What's your tune?


I’ve got a personal DJ.

I’m talking here about my 4 year old son. Every time we get into the car to drive somewhere, Sam and I know the drill: I pass him my phone so he can choose the tunes. The soundtrack for our road trip is in his hands… literally.

I’m pleased to say Sam’s moved on from the Wiggles and other kids’ music, and is now selecting cool beats from my own playlists. So at least we all share the same taste in music. But the thing is, Sam’s pretty predictable in his song choices. Of the hundreds of tracks he could choose from, he sticks with 4 or 5 of his personal favourites. And he keeps playing them until he’s got the lyrics nailed.

So now, when I hear those songs played in another context, I think of Sam straight away. They’re his tunes.

What’s your tune?

I encourage people managers and leaders to think of the tune they want to be known for. And by ‘tune’ here, I don’t literally mean music (although the idea of having a personal soundtrack playing in your head is pretty cool). I mean belief, value or message.

You see, workplaces are full of noise. That noise comes from a range of things: a constant barrage of communication, too many so-called priorities, changing goals, customer feedback, changing markets, conflicting messages… the list goes on.  And the thing is, that noise ain’t going away any time soon. In fact you might say it’s the new norm; and those who complain about change and disruption are complaining about… well, life.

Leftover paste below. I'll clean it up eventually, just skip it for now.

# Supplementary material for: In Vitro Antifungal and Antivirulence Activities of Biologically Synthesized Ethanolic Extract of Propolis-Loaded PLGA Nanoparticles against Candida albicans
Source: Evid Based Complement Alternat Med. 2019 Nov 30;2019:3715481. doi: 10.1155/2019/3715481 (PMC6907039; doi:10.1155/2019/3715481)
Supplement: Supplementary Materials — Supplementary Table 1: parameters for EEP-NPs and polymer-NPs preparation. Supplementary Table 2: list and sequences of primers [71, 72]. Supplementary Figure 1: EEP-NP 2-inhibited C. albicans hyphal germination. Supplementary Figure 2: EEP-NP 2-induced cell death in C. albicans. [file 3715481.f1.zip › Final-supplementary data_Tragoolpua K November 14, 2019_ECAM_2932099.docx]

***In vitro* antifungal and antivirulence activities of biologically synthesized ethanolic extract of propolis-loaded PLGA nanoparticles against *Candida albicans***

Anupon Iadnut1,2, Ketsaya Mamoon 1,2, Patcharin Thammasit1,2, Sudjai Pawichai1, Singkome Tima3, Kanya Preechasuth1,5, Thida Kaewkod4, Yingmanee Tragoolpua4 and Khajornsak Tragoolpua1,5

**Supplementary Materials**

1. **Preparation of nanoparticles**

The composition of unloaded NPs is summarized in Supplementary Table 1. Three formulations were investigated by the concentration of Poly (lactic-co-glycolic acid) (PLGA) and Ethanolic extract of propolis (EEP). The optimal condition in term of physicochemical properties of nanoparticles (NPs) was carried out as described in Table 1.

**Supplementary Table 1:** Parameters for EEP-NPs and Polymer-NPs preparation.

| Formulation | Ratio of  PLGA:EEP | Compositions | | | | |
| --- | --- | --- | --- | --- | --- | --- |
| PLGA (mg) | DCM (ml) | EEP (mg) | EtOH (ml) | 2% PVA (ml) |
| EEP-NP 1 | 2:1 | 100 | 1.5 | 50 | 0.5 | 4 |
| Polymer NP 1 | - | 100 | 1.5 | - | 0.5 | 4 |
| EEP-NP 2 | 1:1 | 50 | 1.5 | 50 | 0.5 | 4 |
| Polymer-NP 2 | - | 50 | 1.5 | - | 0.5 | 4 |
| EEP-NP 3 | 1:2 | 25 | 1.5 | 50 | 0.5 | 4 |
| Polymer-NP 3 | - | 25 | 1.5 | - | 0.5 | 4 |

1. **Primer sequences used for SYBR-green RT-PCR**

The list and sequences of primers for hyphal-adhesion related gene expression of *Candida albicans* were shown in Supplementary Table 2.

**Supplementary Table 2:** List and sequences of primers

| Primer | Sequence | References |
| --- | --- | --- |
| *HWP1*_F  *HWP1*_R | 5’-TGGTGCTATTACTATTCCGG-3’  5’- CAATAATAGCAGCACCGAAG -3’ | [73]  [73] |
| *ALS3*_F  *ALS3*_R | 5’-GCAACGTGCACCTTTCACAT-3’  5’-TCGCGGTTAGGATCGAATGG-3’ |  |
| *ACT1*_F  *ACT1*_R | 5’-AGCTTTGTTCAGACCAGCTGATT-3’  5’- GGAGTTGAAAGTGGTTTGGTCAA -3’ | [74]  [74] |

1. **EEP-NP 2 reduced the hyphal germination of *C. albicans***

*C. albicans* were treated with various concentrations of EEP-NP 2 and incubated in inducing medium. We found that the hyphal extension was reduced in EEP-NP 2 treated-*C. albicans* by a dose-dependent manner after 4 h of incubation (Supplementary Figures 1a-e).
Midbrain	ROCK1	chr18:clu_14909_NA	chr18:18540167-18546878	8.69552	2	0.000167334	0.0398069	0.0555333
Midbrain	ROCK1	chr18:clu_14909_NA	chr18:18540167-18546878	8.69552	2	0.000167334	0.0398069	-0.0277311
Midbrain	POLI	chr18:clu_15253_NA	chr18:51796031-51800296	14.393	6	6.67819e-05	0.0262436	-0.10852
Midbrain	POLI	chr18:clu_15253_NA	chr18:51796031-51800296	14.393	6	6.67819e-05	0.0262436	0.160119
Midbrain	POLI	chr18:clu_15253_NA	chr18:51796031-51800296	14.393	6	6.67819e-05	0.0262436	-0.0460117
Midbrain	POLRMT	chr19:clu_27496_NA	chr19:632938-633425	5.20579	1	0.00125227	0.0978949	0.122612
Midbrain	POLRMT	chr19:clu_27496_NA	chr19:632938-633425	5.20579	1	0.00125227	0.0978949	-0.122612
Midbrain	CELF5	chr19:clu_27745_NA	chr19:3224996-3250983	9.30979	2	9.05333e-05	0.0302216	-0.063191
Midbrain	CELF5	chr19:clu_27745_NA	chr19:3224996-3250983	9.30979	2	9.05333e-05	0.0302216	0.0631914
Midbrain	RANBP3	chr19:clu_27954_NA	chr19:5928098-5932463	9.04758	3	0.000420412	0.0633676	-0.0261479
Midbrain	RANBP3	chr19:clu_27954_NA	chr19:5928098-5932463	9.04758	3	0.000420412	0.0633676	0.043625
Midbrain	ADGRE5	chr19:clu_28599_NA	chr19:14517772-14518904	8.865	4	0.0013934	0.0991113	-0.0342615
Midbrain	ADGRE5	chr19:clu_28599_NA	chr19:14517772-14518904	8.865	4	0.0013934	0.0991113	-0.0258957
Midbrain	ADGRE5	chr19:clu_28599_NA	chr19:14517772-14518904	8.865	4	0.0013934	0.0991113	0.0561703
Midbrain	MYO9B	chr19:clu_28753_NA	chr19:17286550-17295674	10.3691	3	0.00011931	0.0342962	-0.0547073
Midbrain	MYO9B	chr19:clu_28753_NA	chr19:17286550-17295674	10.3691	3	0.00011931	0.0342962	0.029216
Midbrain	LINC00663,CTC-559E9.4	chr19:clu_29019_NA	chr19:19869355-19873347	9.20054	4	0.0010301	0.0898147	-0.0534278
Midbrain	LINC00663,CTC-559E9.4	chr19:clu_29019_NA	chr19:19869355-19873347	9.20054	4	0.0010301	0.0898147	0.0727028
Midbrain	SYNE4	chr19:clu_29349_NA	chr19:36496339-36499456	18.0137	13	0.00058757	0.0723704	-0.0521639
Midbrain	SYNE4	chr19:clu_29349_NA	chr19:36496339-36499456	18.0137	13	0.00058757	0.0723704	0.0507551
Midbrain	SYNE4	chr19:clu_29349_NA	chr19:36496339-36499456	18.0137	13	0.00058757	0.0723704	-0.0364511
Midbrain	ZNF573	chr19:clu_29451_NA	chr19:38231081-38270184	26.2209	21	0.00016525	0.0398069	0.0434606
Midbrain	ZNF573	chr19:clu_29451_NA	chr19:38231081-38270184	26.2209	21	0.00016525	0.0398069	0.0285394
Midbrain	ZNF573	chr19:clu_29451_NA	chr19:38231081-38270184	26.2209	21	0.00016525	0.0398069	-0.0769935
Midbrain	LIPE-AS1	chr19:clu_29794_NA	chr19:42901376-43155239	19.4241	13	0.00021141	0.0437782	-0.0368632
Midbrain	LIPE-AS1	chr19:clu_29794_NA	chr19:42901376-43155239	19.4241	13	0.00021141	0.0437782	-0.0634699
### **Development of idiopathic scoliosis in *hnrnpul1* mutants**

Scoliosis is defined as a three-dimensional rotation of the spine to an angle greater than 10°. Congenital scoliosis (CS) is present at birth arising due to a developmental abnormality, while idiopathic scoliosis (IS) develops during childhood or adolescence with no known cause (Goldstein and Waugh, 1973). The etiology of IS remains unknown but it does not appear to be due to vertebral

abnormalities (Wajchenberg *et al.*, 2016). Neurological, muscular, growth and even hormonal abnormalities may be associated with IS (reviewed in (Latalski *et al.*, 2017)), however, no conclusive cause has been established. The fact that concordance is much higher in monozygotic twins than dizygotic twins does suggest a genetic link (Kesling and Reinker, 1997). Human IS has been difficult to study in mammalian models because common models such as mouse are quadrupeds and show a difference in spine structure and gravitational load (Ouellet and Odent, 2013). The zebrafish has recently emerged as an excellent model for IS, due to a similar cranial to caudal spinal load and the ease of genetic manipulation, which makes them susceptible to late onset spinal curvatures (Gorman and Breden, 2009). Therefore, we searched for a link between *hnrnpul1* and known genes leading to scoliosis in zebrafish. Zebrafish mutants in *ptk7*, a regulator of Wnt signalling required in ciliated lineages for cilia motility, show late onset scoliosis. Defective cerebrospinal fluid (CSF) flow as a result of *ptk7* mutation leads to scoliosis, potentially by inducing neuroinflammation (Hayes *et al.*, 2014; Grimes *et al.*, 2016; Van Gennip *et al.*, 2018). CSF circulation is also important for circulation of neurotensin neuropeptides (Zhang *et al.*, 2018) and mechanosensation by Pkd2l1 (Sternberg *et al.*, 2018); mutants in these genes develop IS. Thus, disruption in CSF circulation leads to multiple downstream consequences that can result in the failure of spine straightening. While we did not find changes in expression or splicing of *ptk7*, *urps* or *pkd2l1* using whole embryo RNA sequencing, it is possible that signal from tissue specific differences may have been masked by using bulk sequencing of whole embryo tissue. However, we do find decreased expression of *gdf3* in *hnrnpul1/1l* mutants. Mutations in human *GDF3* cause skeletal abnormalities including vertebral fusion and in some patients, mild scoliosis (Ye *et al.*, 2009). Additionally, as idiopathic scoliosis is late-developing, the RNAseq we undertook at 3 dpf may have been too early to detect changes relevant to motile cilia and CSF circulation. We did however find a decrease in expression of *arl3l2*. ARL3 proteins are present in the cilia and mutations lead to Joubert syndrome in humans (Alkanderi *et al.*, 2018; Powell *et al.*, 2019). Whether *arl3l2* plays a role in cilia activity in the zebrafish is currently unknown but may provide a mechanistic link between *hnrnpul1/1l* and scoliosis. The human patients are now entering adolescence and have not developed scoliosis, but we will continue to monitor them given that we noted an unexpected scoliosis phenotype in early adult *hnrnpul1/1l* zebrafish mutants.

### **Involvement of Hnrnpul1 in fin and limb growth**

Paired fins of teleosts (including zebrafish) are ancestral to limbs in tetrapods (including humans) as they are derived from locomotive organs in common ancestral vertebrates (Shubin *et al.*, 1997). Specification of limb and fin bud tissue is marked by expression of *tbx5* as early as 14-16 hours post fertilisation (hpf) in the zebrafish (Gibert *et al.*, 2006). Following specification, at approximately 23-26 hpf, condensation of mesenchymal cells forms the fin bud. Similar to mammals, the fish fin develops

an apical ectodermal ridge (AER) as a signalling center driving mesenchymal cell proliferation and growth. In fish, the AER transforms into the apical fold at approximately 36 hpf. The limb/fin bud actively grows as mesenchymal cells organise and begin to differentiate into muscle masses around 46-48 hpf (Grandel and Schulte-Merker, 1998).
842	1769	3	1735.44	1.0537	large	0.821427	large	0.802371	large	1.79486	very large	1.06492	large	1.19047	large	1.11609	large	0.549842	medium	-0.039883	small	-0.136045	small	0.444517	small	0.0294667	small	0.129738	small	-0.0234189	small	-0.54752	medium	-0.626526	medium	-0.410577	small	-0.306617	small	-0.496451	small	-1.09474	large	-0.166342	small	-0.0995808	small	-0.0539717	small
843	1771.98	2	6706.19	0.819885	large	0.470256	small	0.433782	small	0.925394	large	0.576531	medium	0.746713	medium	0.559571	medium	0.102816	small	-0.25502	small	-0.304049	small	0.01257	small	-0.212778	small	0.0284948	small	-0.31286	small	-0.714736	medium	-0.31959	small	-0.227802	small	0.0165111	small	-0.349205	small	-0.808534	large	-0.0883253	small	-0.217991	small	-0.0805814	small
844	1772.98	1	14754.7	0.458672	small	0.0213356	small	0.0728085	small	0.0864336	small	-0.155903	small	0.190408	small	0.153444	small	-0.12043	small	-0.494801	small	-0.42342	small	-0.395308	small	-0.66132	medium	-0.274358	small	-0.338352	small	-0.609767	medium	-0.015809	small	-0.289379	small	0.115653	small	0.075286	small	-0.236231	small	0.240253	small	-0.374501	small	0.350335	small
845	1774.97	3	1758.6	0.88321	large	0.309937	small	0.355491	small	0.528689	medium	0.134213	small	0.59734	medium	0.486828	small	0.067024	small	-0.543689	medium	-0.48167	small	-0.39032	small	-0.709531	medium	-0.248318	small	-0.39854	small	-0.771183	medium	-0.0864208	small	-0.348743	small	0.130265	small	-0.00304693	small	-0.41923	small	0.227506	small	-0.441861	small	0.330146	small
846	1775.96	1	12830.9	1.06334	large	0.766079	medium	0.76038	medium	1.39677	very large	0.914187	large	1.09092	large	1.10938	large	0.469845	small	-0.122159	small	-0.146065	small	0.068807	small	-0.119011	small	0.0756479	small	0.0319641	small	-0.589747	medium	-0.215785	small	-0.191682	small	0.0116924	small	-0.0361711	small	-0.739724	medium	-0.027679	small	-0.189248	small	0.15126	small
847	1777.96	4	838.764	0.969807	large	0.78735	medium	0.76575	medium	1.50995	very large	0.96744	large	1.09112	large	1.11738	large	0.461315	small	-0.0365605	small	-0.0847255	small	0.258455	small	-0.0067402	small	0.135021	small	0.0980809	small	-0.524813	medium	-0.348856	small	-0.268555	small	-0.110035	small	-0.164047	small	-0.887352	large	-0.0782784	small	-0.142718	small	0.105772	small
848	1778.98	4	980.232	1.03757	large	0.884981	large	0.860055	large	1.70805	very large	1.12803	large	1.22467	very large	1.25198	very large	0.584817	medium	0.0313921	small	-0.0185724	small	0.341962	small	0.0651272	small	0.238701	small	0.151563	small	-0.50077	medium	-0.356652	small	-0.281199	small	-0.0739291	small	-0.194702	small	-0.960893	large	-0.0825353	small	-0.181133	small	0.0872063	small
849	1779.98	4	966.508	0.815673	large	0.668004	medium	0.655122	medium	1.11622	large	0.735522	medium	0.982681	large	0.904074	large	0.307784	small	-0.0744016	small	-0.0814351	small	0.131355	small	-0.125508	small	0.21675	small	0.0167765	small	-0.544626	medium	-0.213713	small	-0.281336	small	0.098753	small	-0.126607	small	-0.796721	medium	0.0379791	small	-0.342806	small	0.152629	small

So great leadership is about providing a clear tune that carries through the noise. A tune that people can connect with and hum to themselves when things get a little confused or out of control. That tune could come in one of many different forms:

  • a statement of vision (think JFK’s “land a man on the moon” speech)
  • a statement of success (think ousted Aussie PM Tony Abbott’s controversial “we will stop the boats”)
  • a statement of strategy (think of a football team with “play faster than any other team, every game, every ball”)
  • a personal value (think Richard Branson’s “it has to be fun”)
  • a cultural ethic (think of Jeff Bezos’ recent “if you can’t be kind to others, we don’t want you here”)
  • a team philosophy (think AFL team Sydney Swan’s “no dickheads” rule)
  • a mantra (think “Keep Calm and Carry On”)

Repetition brings clarity

Once you know what your tune is, sing it on repeat, just like my son does – because repetition brings clarity. Clarity amongst the noise, and multiple opportunities for the message to actually sink in. For example, my own mentor had to keep repeating his message to me that I needed to start saying no to some things before one day I truly understood why.

Sure, there’s a fine line between repeating a tune and becoming an irritating stuck record. But I think most people make the mistake of avoiding repetition altogether - perhaps out of fear of insulting people’s intelligence or sounding like a politician straight out of spin-coaching. The trick here is to riff on your tune in different ways – a bit like a jazz musician improvising around a well-known theme. The theme’s familiar, but there are many ways to play it.

So have the conviction to own your tune. Sing it often and become known for it. And then watch others as they start to hum along.

And for the song of the month, how’s this for a flashback. Or is that just me?


PS. Thanks to エン バルドマン for the photo in this month's post